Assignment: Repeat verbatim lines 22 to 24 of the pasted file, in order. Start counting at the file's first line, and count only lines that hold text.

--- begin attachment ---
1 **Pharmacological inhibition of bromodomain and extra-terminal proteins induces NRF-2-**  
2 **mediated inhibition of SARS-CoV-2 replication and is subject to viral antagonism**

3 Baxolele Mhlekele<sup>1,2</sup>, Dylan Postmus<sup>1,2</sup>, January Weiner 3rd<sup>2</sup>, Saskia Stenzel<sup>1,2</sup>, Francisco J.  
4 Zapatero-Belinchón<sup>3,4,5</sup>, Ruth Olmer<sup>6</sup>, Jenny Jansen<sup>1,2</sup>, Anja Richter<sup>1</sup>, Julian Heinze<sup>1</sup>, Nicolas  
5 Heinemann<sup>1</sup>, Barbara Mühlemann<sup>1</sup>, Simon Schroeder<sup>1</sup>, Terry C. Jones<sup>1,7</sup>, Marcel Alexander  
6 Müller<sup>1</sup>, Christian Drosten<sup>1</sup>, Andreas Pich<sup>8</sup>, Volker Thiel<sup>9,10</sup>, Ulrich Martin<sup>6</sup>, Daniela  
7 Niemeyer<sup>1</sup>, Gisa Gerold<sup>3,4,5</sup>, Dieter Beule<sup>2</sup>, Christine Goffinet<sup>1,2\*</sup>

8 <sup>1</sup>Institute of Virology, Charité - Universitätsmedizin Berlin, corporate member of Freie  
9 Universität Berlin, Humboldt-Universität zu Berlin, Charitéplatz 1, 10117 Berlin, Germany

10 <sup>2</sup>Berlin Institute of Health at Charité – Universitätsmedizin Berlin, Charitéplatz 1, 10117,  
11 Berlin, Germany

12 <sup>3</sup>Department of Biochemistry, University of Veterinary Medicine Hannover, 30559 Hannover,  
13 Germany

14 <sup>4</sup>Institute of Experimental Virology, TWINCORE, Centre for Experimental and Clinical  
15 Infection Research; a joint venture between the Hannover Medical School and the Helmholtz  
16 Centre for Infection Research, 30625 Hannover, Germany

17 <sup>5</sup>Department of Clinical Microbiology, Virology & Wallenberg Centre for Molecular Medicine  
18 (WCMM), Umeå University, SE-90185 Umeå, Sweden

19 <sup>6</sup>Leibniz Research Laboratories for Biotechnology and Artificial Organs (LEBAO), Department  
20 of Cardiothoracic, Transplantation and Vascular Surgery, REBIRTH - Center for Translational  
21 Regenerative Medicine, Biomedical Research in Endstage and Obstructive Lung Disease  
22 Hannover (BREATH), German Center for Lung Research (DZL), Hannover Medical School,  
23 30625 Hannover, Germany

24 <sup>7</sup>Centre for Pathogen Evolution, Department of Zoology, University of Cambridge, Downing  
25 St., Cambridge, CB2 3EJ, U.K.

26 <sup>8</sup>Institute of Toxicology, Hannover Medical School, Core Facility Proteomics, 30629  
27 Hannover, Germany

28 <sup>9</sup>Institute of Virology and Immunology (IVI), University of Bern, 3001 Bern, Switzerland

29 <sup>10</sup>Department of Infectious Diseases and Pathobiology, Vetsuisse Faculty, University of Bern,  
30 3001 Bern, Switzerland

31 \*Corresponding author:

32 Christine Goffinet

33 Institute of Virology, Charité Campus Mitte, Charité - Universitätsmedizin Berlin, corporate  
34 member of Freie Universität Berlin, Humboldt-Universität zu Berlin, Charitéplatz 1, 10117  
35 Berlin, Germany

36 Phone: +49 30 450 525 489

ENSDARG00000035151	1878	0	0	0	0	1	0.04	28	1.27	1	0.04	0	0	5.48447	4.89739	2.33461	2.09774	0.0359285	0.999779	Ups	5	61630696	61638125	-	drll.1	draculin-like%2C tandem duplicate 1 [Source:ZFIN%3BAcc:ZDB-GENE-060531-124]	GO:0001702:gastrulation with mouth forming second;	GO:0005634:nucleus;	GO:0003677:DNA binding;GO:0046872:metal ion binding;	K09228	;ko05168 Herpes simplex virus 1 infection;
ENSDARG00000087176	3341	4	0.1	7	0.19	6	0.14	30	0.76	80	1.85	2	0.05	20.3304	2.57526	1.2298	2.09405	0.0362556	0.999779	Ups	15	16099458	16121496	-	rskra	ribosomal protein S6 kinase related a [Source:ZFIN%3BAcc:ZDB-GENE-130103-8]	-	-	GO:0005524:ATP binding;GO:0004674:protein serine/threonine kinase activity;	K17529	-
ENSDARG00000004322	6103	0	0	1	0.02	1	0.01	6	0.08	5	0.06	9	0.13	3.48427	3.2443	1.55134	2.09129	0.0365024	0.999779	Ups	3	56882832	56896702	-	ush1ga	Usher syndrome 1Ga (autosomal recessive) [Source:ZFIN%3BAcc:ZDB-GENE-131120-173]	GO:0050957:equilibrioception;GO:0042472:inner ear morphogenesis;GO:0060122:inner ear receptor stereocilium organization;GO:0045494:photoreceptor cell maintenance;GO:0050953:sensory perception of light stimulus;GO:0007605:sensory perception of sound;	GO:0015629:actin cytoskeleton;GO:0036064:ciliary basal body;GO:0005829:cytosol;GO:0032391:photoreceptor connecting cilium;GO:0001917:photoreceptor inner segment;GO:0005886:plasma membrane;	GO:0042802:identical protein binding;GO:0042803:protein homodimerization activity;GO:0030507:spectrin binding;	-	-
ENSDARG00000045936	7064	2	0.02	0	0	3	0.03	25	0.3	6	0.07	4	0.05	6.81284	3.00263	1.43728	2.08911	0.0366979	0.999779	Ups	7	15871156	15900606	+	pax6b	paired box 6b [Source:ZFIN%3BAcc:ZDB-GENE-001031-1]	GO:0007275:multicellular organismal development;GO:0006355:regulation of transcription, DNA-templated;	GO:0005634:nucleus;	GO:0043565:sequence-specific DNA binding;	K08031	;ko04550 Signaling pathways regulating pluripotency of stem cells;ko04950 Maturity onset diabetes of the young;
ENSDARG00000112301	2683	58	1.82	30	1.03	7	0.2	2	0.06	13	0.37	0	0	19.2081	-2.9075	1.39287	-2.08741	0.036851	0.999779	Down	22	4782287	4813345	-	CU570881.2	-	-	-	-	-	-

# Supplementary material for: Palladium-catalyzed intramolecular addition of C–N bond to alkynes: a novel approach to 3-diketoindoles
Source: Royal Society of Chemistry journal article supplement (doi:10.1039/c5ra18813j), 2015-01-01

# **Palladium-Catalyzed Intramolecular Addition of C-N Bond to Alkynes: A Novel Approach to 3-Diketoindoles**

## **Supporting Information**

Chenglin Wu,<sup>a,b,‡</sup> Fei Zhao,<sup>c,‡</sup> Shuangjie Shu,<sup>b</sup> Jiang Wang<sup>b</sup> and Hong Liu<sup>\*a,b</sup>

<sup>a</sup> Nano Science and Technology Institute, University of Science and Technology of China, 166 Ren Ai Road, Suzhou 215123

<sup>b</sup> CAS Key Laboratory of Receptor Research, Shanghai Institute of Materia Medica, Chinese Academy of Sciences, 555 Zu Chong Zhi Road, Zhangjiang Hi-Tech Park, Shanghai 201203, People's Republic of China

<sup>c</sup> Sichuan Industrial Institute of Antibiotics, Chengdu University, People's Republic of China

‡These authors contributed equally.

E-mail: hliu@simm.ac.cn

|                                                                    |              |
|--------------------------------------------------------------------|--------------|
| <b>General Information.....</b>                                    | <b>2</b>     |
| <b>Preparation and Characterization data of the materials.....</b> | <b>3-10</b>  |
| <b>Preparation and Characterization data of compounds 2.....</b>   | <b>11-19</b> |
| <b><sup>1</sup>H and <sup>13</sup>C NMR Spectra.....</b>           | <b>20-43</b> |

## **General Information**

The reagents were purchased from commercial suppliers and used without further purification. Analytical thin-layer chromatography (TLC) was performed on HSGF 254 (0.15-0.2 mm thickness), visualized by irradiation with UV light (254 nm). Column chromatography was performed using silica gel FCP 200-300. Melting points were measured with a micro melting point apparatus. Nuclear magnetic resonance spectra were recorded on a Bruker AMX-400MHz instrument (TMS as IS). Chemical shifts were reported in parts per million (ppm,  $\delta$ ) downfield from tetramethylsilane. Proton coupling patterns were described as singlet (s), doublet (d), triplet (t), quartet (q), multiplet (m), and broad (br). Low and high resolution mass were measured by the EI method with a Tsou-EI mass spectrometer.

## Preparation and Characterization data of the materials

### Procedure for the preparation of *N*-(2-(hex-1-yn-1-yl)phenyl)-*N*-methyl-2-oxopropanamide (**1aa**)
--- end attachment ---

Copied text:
22 Hannover (BREATH), German Center for Lung Research (DZL), Hannover Medical School,  
23 30625 Hannover, Germany

24 <sup>7</sup>Centre for Pathogen Evolution, Department of Zoology, University of Cambridge, Downing  